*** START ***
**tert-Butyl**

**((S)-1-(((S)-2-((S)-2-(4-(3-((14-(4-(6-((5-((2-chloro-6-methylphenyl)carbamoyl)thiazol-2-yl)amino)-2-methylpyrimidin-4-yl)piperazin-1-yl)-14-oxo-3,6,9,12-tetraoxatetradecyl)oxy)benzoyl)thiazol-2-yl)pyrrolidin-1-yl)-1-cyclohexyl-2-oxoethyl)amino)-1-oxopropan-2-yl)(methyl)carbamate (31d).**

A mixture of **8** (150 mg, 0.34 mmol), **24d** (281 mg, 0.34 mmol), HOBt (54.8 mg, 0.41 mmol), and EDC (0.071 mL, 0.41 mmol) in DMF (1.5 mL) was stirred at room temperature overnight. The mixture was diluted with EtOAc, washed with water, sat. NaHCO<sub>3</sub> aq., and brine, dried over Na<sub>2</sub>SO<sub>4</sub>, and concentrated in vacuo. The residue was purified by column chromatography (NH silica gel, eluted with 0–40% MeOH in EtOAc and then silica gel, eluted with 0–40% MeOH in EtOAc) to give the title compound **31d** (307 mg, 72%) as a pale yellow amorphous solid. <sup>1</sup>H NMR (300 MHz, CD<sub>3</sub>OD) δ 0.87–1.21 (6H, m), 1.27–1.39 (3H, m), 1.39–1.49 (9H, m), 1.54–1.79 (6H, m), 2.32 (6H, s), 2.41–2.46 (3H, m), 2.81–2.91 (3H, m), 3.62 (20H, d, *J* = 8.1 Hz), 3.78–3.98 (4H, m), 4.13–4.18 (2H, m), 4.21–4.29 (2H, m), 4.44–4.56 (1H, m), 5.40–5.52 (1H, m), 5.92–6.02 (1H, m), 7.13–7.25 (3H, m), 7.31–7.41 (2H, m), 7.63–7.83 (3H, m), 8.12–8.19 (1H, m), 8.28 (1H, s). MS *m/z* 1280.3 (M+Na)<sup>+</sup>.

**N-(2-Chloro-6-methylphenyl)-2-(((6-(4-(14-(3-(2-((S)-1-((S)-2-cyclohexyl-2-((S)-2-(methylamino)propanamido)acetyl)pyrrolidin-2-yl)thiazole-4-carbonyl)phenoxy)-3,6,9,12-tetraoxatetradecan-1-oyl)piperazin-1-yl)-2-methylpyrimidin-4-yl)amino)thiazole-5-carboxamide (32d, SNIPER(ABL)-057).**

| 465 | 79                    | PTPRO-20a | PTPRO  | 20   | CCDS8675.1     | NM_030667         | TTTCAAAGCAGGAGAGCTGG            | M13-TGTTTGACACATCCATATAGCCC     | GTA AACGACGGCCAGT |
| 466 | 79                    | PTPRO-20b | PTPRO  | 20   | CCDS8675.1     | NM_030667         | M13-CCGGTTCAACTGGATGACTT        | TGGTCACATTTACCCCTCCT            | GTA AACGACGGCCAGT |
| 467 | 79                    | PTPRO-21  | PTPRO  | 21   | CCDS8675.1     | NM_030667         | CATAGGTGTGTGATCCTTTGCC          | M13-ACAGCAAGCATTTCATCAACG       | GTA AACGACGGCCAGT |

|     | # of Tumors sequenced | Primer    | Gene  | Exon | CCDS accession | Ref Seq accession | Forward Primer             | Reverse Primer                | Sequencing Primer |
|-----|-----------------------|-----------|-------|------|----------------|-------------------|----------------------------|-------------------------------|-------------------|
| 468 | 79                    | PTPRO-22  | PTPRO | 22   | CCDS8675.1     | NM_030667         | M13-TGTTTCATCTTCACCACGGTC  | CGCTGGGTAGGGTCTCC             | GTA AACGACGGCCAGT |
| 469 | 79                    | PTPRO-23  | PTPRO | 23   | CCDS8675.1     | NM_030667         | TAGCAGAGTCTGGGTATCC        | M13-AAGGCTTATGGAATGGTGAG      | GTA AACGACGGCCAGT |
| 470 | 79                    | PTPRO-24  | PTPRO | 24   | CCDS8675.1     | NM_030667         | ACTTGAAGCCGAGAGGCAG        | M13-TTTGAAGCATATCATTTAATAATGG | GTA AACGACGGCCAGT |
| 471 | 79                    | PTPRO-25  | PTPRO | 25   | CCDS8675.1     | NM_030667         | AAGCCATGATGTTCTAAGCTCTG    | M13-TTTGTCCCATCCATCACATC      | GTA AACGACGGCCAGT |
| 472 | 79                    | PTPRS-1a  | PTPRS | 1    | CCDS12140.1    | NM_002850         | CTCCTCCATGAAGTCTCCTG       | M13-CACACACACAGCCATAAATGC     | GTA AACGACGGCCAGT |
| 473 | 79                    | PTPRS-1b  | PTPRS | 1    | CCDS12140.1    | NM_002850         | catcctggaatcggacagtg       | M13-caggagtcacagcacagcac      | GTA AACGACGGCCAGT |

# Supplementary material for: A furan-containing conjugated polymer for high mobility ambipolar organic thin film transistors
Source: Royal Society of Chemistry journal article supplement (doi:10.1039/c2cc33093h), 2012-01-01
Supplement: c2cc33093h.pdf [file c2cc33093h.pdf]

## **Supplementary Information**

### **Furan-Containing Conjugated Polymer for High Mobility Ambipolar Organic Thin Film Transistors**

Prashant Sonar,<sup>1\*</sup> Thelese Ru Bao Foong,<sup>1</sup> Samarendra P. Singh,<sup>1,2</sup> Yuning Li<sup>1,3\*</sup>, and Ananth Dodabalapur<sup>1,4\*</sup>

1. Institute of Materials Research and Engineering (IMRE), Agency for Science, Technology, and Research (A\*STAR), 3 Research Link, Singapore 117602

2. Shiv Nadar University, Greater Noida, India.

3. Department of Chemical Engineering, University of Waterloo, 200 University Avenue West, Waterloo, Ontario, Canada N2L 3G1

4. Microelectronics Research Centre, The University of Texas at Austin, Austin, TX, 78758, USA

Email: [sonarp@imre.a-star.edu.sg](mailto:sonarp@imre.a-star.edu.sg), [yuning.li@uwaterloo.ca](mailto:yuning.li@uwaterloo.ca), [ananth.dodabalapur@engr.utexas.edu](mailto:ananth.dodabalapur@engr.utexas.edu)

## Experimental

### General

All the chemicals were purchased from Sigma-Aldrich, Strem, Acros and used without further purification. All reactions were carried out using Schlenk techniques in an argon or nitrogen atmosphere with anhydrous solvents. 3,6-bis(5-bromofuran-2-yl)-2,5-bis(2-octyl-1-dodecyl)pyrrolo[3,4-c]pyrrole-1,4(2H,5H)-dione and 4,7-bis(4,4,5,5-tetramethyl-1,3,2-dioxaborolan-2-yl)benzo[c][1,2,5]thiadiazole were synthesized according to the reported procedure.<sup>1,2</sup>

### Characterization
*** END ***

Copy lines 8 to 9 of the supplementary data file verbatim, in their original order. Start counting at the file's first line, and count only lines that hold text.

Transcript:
|     | # of Tumors sequenced | Primer    | Gene  | Exon | CCDS accession | Ref Seq accession | Forward Primer             | Reverse Primer                | Sequencing Primer |
|-----|-----------------------|-----------|-------|------|----------------|-------------------|----------------------------|-------------------------------|-------------------|